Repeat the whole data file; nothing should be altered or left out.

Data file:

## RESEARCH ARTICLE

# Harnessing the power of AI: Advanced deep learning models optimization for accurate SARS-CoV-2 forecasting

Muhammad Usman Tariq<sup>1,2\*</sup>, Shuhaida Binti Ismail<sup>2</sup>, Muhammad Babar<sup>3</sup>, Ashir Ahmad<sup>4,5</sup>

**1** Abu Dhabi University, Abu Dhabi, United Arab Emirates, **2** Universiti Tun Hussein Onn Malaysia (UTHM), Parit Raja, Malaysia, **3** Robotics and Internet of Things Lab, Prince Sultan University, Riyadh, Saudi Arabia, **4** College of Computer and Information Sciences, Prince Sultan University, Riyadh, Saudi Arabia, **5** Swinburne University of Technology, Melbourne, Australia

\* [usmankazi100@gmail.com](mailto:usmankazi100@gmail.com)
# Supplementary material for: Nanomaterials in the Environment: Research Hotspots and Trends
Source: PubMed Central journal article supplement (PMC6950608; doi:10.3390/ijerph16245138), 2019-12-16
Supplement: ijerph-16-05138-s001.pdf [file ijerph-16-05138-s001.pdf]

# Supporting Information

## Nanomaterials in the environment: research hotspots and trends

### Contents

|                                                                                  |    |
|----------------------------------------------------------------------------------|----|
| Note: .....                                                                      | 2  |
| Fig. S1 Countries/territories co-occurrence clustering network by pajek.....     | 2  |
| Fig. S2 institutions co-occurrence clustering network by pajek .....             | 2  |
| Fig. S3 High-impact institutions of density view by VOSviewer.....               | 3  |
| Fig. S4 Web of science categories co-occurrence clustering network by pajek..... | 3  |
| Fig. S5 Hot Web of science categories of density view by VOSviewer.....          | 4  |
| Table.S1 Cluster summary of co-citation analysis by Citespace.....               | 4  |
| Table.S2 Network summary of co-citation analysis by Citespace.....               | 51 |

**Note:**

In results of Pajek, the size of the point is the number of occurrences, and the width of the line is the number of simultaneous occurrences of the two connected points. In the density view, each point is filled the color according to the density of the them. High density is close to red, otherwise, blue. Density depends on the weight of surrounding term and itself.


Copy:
## RESEARCH ARTICLE

# Harnessing the power of AI: Advanced deep learning models optimization for accurate SARS-CoV-2 forecasting

Muhammad Usman Tariq<sup>1,2\*</sup>, Shuhaida Binti Ismail<sup>2</sup>, Muhammad Babar<sup>3</sup>, Ashir Ahmad<sup>4,5</sup>

**1** Abu Dhabi University, Abu Dhabi, United Arab Emirates, **2** Universiti Tun Hussein Onn Malaysia (UTHM), Parit Raja, Malaysia, **3** Robotics and Internet of Things Lab, Prince Sultan University, Riyadh, Saudi Arabia, **4** College of Computer and Information Sciences, Prince Sultan University, Riyadh, Saudi Arabia, **5** Swinburne University of Technology, Melbourne, Australia

\* [usmankazi100@gmail.com](mailto:usmankazi100@gmail.com)
# Supplementary material for: Nanomaterials in the Environment: Research Hotspots and Trends
Source: PubMed Central journal article supplement (PMC6950608; doi:10.3390/ijerph16245138), 2019-12-16
Supplement: ijerph-16-05138-s001.pdf [file ijerph-16-05138-s001.pdf]

# Supporting Information

## Nanomaterials in the environment: research hotspots and trends

### Contents

|                                                                                  |    |
|----------------------------------------------------------------------------------|----|
| Note: .....                                                                      | 2  |
| Fig. S1 Countries/territories co-occurrence clustering network by pajek.....     | 2  |
| Fig. S2 institutions co-occurrence clustering network by pajek .....             | 2  |
| Fig. S3 High-impact institutions of density view by VOSviewer.....               | 3  |
| Fig. S4 Web of science categories co-occurrence clustering network by pajek..... | 3  |
| Fig. S5 Hot Web of science categories of density view by VOSviewer.....          | 4  |
| Table.S1 Cluster summary of co-citation analysis by Citespace.....               | 4  |
| Table.S2 Network summary of co-citation analysis by Citespace.....               | 51 |

**Note:**

In results of Pajek, the size of the point is the number of occurrences, and the width of the line is the number of simultaneous occurrences of the two connected points. In the density view, each point is filled the color according to the density of the them. High density is close to red, otherwise, blue. Density depends on the weight of surrounding term and itself.